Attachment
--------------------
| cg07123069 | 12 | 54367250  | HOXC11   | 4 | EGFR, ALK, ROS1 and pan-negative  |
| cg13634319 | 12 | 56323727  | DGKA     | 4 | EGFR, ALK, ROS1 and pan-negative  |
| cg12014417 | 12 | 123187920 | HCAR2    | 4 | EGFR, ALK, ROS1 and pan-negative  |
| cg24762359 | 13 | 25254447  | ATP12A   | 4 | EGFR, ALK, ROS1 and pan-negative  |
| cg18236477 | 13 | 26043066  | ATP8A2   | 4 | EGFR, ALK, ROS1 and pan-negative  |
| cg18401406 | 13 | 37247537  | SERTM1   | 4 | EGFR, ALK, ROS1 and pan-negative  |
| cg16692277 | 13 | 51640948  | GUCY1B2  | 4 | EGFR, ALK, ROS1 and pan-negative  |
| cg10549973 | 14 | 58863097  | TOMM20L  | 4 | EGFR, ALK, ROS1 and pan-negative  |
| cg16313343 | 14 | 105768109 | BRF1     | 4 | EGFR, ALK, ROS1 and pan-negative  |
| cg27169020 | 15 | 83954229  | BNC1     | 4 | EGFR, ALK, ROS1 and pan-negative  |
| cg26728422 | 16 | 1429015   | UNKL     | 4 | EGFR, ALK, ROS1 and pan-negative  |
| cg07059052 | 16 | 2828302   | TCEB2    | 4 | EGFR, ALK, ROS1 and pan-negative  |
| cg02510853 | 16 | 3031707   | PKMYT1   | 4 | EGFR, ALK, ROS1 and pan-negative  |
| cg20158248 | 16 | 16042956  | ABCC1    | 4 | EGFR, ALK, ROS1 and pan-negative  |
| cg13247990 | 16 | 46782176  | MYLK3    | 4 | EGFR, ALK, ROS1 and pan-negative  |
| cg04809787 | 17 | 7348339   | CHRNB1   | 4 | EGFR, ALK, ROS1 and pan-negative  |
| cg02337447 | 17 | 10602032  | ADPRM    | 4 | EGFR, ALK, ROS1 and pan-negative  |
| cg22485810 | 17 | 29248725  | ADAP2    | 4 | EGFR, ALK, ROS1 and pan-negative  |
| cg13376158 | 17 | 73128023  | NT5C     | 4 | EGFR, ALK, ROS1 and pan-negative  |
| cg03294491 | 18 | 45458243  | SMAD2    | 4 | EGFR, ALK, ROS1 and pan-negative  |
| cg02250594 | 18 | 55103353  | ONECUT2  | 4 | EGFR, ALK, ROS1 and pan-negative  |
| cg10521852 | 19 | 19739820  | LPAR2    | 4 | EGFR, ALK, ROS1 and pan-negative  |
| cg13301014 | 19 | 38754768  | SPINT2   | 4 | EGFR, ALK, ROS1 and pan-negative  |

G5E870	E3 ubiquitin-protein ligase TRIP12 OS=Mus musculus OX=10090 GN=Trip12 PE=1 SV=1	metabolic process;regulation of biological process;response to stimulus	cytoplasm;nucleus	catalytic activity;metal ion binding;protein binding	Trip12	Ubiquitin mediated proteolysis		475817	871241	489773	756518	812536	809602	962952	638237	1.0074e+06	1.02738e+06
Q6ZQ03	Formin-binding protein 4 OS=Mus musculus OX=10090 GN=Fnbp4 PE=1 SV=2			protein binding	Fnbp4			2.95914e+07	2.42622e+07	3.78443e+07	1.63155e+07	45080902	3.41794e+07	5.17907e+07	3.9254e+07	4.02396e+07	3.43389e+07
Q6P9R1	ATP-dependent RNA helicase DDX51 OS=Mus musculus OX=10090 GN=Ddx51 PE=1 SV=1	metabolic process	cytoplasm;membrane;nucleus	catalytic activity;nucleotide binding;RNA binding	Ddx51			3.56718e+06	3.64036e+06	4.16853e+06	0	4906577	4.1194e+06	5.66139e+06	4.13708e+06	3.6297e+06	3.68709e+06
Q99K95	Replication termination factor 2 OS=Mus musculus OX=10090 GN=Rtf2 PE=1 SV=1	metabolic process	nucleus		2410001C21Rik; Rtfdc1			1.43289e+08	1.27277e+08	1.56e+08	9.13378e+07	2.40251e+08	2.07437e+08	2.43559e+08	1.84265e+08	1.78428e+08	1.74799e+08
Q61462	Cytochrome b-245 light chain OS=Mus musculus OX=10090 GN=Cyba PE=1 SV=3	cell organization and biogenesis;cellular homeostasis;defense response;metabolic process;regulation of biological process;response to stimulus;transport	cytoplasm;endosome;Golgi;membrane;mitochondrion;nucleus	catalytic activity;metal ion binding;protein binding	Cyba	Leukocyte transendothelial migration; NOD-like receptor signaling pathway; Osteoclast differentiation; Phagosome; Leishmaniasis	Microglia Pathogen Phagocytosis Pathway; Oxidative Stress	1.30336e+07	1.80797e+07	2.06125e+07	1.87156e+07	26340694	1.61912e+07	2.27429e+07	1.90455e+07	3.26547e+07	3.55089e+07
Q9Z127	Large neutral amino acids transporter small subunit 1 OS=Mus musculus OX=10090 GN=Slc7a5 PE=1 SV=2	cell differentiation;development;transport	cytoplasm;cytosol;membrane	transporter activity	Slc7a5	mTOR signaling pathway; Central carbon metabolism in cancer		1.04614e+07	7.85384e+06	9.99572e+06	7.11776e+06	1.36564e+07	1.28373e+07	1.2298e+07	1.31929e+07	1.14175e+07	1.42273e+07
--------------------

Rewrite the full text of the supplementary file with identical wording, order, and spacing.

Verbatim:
| cg07123069 | 12 | 54367250  | HOXC11   | 4 | EGFR, ALK, ROS1 and pan-negative  |
| cg13634319 | 12 | 56323727  | DGKA     | 4 | EGFR, ALK, ROS1 and pan-negative  |
| cg12014417 | 12 | 123187920 | HCAR2    | 4 | EGFR, ALK, ROS1 and pan-negative  |
| cg24762359 | 13 | 25254447  | ATP12A   | 4 | EGFR, ALK, ROS1 and pan-negative  |
| cg18236477 | 13 | 26043066  | ATP8A2   | 4 | EGFR, ALK, ROS1 and pan-negative  |
| cg18401406 | 13 | 37247537  | SERTM1   | 4 | EGFR, ALK, ROS1 and pan-negative  |
| cg16692277 | 13 | 51640948  | GUCY1B2  | 4 | EGFR, ALK, ROS1 and pan-negative  |
| cg10549973 | 14 | 58863097  | TOMM20L  | 4 | EGFR, ALK, ROS1 and pan-negative  |
| cg16313343 | 14 | 105768109 | BRF1     | 4 | EGFR, ALK, ROS1 and pan-negative  |
| cg27169020 | 15 | 83954229  | BNC1     | 4 | EGFR, ALK, ROS1 and pan-negative  |
| cg26728422 | 16 | 1429015   | UNKL     | 4 | EGFR, ALK, ROS1 and pan-negative  |
| cg07059052 | 16 | 2828302   | TCEB2    | 4 | EGFR, ALK, ROS1 and pan-negative  |
| cg02510853 | 16 | 3031707   | PKMYT1   | 4 | EGFR, ALK, ROS1 and pan-negative  |
| cg20158248 | 16 | 16042956  | ABCC1    | 4 | EGFR, ALK, ROS1 and pan-negative  |
| cg13247990 | 16 | 46782176  | MYLK3    | 4 | EGFR, ALK, ROS1 and pan-negative  |
| cg04809787 | 17 | 7348339   | CHRNB1   | 4 | EGFR, ALK, ROS1 and pan-negative  |
| cg02337447 | 17 | 10602032  | ADPRM    | 4 | EGFR, ALK, ROS1 and pan-negative  |
| cg22485810 | 17 | 29248725  | ADAP2    | 4 | EGFR, ALK, ROS1 and pan-negative  |
| cg13376158 | 17 | 73128023  | NT5C     | 4 | EGFR, ALK, ROS1 and pan-negative  |
| cg03294491 | 18 | 45458243  | SMAD2    | 4 | EGFR, ALK, ROS1 and pan-negative  |
| cg02250594 | 18 | 55103353  | ONECUT2  | 4 | EGFR, ALK, ROS1 and pan-negative  |
| cg10521852 | 19 | 19739820  | LPAR2    | 4 | EGFR, ALK, ROS1 and pan-negative  |
| cg13301014 | 19 | 38754768  | SPINT2   | 4 | EGFR, ALK, ROS1 and pan-negative  |

G5E870	E3 ubiquitin-protein ligase TRIP12 OS=Mus musculus OX=10090 GN=Trip12 PE=1 SV=1	metabolic process;regulation of biological process;response to stimulus	cytoplasm;nucleus	catalytic activity;metal ion binding;protein binding	Trip12	Ubiquitin mediated proteolysis		475817	871241	489773	756518	812536	809602	962952	638237	1.0074e+06	1.02738e+06
Q6ZQ03	Formin-binding protein 4 OS=Mus musculus OX=10090 GN=Fnbp4 PE=1 SV=2			protein binding	Fnbp4			2.95914e+07	2.42622e+07	3.78443e+07	1.63155e+07	45080902	3.41794e+07	5.17907e+07	3.9254e+07	4.02396e+07	3.43389e+07
Q6P9R1	ATP-dependent RNA helicase DDX51 OS=Mus musculus OX=10090 GN=Ddx51 PE=1 SV=1	metabolic process	cytoplasm;membrane;nucleus	catalytic activity;nucleotide binding;RNA binding	Ddx51			3.56718e+06	3.64036e+06	4.16853e+06	0	4906577	4.1194e+06	5.66139e+06	4.13708e+06	3.6297e+06	3.68709e+06
Q99K95	Replication termination factor 2 OS=Mus musculus OX=10090 GN=Rtf2 PE=1 SV=1	metabolic process	nucleus		2410001C21Rik; Rtfdc1			1.43289e+08	1.27277e+08	1.56e+08	9.13378e+07	2.40251e+08	2.07437e+08	2.43559e+08	1.84265e+08	1.78428e+08	1.74799e+08
Q61462	Cytochrome b-245 light chain OS=Mus musculus OX=10090 GN=Cyba PE=1 SV=3	cell organization and biogenesis;cellular homeostasis;defense response;metabolic process;regulation of biological process;response to stimulus;transport	cytoplasm;endosome;Golgi;membrane;mitochondrion;nucleus	catalytic activity;metal ion binding;protein binding	Cyba	Leukocyte transendothelial migration; NOD-like receptor signaling pathway; Osteoclast differentiation; Phagosome; Leishmaniasis	Microglia Pathogen Phagocytosis Pathway; Oxidative Stress	1.30336e+07	1.80797e+07	2.06125e+07	1.87156e+07	26340694	1.61912e+07	2.27429e+07	1.90455e+07	3.26547e+07	3.55089e+07
Q9Z127	Large neutral amino acids transporter small subunit 1 OS=Mus musculus OX=10090 GN=Slc7a5 PE=1 SV=2	cell differentiation;development;transport	cytoplasm;cytosol;membrane	transporter activity	Slc7a5	mTOR signaling pathway; Central carbon metabolism in cancer		1.04614e+07	7.85384e+06	9.99572e+06	7.11776e+06	1.36564e+07	1.28373e+07	1.2298e+07	1.31929e+07	1.14175e+07	1.42273e+07